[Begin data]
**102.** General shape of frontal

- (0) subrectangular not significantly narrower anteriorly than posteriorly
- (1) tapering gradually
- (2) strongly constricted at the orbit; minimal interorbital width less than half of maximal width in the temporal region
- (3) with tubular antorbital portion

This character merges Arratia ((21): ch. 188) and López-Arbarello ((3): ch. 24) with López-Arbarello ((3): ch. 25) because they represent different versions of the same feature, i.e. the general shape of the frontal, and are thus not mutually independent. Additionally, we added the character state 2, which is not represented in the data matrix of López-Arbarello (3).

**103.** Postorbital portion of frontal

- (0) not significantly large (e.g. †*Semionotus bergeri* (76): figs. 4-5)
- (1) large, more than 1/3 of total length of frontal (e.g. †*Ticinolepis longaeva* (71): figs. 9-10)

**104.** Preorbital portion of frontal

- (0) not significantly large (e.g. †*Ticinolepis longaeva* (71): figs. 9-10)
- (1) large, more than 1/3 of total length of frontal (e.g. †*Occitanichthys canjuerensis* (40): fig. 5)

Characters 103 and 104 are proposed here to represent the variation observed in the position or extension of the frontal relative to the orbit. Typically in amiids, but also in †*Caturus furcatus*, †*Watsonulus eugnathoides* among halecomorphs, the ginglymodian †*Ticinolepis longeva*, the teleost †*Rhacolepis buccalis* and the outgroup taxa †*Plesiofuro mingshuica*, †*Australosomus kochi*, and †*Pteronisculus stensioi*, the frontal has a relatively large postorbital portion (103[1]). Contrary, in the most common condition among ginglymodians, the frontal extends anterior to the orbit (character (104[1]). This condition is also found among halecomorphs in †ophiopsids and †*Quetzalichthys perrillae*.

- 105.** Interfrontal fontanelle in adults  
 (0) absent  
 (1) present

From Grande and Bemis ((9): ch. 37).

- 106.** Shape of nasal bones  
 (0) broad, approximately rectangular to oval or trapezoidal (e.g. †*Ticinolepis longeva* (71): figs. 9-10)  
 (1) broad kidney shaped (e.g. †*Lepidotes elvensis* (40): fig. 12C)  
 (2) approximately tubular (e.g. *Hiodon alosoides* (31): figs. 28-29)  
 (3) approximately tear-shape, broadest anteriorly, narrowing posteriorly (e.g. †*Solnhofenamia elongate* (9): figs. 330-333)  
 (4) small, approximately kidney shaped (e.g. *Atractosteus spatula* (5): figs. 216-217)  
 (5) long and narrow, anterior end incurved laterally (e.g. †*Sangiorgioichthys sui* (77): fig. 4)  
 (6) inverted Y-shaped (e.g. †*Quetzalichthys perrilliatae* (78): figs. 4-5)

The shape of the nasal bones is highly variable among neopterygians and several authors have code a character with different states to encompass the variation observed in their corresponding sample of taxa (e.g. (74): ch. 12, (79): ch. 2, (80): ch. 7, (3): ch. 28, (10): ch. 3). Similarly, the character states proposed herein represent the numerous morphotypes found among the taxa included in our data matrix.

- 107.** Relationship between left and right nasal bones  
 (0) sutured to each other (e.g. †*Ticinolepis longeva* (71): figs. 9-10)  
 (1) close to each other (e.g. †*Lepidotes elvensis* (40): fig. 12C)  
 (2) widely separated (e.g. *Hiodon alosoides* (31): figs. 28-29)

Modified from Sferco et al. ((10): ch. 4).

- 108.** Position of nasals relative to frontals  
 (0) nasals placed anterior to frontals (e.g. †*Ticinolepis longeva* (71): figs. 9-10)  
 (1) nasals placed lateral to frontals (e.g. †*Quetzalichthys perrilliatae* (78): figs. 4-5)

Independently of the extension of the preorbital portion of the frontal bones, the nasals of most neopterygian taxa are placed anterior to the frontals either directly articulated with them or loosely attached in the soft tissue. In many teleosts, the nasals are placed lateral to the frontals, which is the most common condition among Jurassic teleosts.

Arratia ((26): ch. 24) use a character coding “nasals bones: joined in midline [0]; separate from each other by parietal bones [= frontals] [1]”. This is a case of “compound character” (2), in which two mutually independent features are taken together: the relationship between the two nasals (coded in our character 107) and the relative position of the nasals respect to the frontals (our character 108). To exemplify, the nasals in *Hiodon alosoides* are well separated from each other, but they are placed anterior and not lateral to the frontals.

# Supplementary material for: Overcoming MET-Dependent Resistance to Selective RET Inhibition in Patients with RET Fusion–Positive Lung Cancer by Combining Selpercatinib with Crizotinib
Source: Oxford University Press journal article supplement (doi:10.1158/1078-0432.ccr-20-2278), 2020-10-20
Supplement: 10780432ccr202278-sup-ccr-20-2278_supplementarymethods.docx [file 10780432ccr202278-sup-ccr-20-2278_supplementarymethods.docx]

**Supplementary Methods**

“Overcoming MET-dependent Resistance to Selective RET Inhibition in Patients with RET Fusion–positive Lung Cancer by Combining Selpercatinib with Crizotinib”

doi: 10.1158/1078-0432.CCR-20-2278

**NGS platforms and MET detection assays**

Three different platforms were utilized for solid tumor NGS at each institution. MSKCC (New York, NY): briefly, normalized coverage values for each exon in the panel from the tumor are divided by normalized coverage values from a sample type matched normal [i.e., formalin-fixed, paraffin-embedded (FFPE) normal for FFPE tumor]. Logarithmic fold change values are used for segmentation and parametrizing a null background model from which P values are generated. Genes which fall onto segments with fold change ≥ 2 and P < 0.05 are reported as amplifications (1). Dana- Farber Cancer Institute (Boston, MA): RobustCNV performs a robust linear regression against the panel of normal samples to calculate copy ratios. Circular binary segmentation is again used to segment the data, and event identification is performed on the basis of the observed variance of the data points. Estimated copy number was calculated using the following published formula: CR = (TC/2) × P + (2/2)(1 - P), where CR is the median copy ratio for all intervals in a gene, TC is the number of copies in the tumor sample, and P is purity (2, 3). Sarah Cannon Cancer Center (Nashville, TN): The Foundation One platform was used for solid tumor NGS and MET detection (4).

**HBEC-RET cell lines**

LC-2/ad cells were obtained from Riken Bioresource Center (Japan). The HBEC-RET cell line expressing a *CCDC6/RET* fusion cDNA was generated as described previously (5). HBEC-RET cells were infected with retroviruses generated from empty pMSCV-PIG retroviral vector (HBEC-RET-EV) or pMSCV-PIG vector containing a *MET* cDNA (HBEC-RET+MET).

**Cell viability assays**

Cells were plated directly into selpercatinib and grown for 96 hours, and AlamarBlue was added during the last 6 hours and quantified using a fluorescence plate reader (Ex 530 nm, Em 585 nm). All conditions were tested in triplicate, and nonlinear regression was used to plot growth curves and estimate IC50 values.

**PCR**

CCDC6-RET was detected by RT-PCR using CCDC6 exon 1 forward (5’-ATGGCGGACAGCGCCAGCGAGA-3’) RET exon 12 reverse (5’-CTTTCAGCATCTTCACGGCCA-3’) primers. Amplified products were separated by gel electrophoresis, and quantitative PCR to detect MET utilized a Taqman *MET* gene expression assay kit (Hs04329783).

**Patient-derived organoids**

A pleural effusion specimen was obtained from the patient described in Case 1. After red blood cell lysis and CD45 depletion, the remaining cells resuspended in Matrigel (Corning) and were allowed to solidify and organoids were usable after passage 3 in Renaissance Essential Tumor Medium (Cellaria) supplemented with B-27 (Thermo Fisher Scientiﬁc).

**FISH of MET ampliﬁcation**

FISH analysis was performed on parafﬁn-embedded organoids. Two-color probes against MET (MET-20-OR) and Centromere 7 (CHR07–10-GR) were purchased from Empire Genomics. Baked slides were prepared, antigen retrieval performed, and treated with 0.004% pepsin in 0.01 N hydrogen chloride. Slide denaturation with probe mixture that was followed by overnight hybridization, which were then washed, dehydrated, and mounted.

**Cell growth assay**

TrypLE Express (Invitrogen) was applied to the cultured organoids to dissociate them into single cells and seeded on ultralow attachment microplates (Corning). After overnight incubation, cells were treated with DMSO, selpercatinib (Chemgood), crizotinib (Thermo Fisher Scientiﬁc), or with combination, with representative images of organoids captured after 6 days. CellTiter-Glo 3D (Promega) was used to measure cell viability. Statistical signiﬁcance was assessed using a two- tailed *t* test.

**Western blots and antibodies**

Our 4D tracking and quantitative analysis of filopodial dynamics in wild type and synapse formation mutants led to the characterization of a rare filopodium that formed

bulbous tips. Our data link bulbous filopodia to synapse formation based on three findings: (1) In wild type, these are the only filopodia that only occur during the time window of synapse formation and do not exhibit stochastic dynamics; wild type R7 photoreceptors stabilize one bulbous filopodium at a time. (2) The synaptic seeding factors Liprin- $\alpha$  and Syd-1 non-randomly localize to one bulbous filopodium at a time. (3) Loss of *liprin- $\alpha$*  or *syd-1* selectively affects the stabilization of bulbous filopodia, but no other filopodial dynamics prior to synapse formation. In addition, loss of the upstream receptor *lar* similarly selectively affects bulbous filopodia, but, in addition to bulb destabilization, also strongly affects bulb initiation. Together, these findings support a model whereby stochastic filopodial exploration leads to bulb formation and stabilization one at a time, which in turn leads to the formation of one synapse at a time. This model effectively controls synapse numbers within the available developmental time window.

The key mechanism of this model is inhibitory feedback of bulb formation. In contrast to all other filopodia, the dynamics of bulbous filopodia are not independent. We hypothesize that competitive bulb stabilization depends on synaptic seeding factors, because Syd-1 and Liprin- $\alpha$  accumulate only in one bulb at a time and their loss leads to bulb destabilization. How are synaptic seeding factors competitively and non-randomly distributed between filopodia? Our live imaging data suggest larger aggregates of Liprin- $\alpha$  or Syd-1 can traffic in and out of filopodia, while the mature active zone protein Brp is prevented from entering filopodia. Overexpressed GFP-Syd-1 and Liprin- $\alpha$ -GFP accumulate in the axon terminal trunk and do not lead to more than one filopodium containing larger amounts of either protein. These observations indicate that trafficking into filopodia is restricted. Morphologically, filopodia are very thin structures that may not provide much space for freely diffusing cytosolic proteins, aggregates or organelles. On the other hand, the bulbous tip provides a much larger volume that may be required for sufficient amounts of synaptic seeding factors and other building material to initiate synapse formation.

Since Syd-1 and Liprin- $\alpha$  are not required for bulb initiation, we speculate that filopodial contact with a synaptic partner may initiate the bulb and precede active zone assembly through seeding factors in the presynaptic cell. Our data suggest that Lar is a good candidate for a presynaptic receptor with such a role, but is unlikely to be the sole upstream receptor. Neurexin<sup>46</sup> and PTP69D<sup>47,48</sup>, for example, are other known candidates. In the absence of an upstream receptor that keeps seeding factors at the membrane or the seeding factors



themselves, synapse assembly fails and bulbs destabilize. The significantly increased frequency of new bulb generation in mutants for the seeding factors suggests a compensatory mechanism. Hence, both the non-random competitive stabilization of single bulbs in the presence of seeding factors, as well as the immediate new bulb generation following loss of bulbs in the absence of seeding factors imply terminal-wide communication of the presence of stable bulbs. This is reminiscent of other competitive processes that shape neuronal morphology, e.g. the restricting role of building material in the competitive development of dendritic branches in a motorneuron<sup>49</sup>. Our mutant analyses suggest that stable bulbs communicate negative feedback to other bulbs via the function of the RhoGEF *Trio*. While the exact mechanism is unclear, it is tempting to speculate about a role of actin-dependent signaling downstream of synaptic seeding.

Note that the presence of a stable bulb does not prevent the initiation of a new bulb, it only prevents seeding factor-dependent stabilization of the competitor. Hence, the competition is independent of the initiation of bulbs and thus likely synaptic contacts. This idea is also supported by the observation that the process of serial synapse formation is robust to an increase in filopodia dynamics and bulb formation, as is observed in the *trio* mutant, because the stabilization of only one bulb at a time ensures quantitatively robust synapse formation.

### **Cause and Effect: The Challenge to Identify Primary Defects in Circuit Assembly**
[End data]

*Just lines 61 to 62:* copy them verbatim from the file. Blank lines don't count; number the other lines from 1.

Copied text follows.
Since Syd-1 and Liprin- $\alpha$  are not required for bulb initiation, we speculate that filopodial contact with a synaptic partner may initiate the bulb and precede active zone assembly through seeding factors in the presynaptic cell. Our data suggest that Lar is a good candidate for a presynaptic receptor with such a role, but is unlikely to be the sole upstream receptor. Neurexin<sup>46</sup> and PTP69D<sup>47,48</sup>, for example, are other known candidates. In the absence of an upstream receptor that keeps seeding factors at the membrane or the seeding factors



themselves, synapse assembly fails and bulbs destabilize. The significantly increased frequency of new bulb generation in mutants for the seeding factors suggests a compensatory mechanism. Hence, both the non-random competitive stabilization of single bulbs in the presence of seeding factors, as well as the immediate new bulb generation following loss of bulbs in the absence of seeding factors imply terminal-wide communication of the presence of stable bulbs. This is reminiscent of other competitive processes that shape neuronal morphology, e.g. the restricting role of building material in the competitive development of dendritic branches in a motorneuron<sup>49</sup>. Our mutant analyses suggest that stable bulbs communicate negative feedback to other bulbs via the function of the RhoGEF *Trio*. While the exact mechanism is unclear, it is tempting to speculate about a role of actin-dependent signaling downstream of synaptic seeding.